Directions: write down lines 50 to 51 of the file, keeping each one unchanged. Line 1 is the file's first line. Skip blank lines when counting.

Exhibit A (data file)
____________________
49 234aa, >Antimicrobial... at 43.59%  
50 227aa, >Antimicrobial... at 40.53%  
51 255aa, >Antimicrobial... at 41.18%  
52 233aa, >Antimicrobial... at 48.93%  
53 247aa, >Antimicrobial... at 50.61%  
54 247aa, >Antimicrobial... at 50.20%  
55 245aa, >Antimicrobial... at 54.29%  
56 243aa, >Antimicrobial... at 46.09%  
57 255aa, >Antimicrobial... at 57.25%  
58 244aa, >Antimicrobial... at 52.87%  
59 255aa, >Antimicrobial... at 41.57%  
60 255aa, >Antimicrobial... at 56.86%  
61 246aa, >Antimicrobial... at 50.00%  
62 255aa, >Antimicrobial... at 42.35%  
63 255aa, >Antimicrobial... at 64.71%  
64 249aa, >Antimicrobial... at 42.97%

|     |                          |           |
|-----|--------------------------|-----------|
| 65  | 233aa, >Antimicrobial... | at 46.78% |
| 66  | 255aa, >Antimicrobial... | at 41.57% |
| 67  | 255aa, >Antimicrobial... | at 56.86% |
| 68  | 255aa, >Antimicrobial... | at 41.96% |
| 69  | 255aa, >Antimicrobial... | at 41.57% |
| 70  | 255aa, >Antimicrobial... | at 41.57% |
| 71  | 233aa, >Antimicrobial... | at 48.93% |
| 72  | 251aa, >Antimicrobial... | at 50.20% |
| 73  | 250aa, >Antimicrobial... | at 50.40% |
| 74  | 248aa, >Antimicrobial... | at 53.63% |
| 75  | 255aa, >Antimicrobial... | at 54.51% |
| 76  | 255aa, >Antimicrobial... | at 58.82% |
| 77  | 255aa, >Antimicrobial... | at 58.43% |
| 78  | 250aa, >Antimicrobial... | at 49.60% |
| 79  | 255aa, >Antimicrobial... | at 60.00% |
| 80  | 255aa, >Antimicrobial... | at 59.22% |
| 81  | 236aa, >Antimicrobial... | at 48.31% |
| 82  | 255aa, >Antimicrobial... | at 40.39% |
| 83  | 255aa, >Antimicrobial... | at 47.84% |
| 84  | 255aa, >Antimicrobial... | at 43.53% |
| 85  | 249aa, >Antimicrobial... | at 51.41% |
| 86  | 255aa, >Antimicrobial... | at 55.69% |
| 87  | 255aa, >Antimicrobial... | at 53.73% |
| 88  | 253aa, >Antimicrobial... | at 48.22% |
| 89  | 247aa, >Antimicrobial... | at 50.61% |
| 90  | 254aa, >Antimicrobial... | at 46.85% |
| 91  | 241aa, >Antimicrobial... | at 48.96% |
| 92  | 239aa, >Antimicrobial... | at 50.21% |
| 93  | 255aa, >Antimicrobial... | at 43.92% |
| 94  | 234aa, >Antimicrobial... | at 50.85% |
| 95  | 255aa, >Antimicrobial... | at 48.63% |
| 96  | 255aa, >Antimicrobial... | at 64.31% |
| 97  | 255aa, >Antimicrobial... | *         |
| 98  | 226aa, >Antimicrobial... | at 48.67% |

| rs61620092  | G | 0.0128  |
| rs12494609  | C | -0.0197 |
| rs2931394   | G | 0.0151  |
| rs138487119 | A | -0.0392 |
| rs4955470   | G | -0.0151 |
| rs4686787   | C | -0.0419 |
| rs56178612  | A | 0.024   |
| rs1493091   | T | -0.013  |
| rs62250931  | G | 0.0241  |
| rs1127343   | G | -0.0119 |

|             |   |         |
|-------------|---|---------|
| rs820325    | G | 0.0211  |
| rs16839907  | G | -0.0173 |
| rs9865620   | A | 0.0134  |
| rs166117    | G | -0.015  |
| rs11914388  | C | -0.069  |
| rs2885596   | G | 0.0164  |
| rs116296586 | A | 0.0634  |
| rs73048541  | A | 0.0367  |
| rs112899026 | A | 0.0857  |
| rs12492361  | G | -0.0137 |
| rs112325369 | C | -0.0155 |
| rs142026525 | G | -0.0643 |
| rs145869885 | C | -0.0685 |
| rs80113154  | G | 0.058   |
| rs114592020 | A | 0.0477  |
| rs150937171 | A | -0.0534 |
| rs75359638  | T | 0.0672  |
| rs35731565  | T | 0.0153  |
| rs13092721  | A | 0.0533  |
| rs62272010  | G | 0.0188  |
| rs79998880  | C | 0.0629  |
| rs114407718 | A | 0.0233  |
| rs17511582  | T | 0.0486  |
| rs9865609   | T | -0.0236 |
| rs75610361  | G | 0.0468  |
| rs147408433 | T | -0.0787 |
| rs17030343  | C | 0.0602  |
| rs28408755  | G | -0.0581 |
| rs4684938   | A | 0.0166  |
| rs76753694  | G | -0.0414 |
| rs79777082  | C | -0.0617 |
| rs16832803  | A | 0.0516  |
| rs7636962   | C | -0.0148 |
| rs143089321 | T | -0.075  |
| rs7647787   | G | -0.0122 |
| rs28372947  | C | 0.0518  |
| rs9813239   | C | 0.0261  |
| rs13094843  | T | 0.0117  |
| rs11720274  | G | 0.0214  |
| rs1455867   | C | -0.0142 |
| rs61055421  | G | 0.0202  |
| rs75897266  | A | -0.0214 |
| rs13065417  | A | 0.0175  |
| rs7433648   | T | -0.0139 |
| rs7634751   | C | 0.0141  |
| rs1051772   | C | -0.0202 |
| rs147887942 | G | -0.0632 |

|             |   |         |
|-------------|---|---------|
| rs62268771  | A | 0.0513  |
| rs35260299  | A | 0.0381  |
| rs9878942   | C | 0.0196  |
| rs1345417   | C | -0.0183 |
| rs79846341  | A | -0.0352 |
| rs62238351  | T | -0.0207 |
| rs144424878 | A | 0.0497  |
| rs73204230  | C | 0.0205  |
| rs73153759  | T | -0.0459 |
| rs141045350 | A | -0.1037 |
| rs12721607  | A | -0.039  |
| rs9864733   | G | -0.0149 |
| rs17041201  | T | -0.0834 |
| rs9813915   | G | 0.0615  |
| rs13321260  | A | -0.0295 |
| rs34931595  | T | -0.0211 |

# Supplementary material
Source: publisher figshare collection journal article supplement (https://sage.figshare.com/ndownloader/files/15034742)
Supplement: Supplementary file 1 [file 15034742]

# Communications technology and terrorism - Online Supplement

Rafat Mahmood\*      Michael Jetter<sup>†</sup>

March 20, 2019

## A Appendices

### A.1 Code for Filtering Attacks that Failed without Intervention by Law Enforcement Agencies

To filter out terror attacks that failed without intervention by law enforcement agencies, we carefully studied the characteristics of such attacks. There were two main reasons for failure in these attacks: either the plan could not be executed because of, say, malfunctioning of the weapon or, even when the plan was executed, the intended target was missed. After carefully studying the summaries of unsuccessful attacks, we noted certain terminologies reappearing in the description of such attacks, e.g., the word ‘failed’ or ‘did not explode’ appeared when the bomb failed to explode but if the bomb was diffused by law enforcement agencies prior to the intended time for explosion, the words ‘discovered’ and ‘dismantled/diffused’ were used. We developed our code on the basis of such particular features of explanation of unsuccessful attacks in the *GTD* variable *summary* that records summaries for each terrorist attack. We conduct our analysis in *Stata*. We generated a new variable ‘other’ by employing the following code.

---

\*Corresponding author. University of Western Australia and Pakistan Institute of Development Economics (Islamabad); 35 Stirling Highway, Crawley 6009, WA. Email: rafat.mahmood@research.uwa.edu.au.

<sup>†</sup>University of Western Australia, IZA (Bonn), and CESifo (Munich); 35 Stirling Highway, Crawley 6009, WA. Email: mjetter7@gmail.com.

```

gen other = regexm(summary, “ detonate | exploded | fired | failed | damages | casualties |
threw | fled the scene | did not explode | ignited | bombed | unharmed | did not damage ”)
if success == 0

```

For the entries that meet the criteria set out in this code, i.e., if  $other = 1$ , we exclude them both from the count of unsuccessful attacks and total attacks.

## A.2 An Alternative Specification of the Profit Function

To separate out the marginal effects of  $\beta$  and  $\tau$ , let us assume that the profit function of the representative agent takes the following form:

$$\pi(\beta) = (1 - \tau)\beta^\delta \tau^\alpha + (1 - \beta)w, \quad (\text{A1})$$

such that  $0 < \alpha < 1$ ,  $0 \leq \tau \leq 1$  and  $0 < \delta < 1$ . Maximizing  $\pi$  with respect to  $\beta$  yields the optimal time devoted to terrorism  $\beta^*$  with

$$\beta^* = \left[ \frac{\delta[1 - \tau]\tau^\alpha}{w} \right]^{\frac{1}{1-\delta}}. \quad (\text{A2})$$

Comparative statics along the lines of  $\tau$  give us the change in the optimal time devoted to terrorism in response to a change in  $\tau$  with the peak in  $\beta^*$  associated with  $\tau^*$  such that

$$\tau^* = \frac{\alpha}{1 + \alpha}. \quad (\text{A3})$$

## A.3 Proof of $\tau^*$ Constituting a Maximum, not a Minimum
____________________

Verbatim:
| 96  | 255aa, >Antimicrobial... | at 64.31% |
| 97  | 255aa, >Antimicrobial... | *         |